The results of this report demonstrate that cells in the dentate gyrus of adult tree shrews incorporate BrdU, a marker of DNA synthesis that labels proliferating cells and their progeny. The observation that the number of BrdU-labeled cells more than doubles between 2 and 24 hr suggests that cells synthesizing DNA in the dentate gyrus divide at least once within a 24 hr period. Furthermore, the detection of BrdU-labeled cells that express a neuronal marker and have granule cell morphology 3 weeks after BrdU incorporation suggests that many proliferating cells in the dentate gyrus of adult tree shrews eventually become granule neurons. Moreover, the presence of radial glia with cell bodies in the sgz and processes extending through the gcl, as well as the change in location of BrdU-labeled cells from 24 hr to 3 weeks, suggests that newly generated cells migrate from the hilus or sgz to the gcl. Finally, these results also show that the production of cells in the dentate gyrus of adult tree shrews can be modulated rapidly by exposure to a stressful social encounter, as well as by changing the level of NMDA receptor activation.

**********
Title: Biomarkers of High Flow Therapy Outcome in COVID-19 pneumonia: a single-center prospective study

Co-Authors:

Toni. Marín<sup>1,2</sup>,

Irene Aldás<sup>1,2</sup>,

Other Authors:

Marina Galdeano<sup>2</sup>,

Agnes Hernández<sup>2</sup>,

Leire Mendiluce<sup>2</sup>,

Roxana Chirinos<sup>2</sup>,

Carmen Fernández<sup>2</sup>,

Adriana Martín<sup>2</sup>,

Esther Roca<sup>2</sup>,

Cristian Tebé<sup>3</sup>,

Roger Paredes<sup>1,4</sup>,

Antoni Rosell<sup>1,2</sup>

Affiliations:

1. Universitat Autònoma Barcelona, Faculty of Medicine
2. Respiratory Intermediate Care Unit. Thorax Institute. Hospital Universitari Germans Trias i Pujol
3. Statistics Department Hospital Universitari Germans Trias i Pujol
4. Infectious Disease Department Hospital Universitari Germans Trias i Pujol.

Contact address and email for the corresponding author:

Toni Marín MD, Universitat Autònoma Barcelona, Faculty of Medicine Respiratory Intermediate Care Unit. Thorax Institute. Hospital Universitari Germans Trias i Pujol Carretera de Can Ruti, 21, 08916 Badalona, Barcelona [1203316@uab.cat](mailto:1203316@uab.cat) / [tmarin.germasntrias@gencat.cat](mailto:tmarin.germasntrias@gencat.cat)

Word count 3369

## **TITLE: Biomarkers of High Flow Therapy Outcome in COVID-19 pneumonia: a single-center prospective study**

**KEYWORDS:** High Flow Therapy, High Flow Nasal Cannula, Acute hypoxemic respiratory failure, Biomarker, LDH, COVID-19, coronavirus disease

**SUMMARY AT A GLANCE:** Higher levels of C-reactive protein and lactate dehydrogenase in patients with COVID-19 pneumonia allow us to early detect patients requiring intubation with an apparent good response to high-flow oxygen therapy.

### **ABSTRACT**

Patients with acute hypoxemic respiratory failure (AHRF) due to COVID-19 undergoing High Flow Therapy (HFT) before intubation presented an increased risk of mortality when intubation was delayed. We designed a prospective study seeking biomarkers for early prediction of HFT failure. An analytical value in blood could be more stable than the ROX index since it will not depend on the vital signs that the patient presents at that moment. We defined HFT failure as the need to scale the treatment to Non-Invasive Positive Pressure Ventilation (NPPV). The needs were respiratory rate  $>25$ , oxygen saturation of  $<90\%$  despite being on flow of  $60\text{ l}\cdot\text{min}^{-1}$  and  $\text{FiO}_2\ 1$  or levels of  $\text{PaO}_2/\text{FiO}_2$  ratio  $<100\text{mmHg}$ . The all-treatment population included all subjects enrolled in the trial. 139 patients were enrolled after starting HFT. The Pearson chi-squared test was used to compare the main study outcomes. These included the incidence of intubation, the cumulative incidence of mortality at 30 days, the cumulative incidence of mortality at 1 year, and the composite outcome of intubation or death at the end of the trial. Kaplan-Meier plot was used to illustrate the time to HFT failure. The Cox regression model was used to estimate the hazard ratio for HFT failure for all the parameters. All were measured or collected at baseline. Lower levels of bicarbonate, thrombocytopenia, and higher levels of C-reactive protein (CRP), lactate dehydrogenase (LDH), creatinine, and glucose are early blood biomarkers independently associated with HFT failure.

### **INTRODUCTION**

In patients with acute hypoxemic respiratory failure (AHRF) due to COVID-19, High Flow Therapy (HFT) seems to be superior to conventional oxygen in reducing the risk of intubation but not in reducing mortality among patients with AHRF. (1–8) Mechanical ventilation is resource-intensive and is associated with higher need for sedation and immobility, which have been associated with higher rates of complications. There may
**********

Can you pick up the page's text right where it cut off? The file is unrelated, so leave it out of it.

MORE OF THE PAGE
Granule cell generation across mammalian species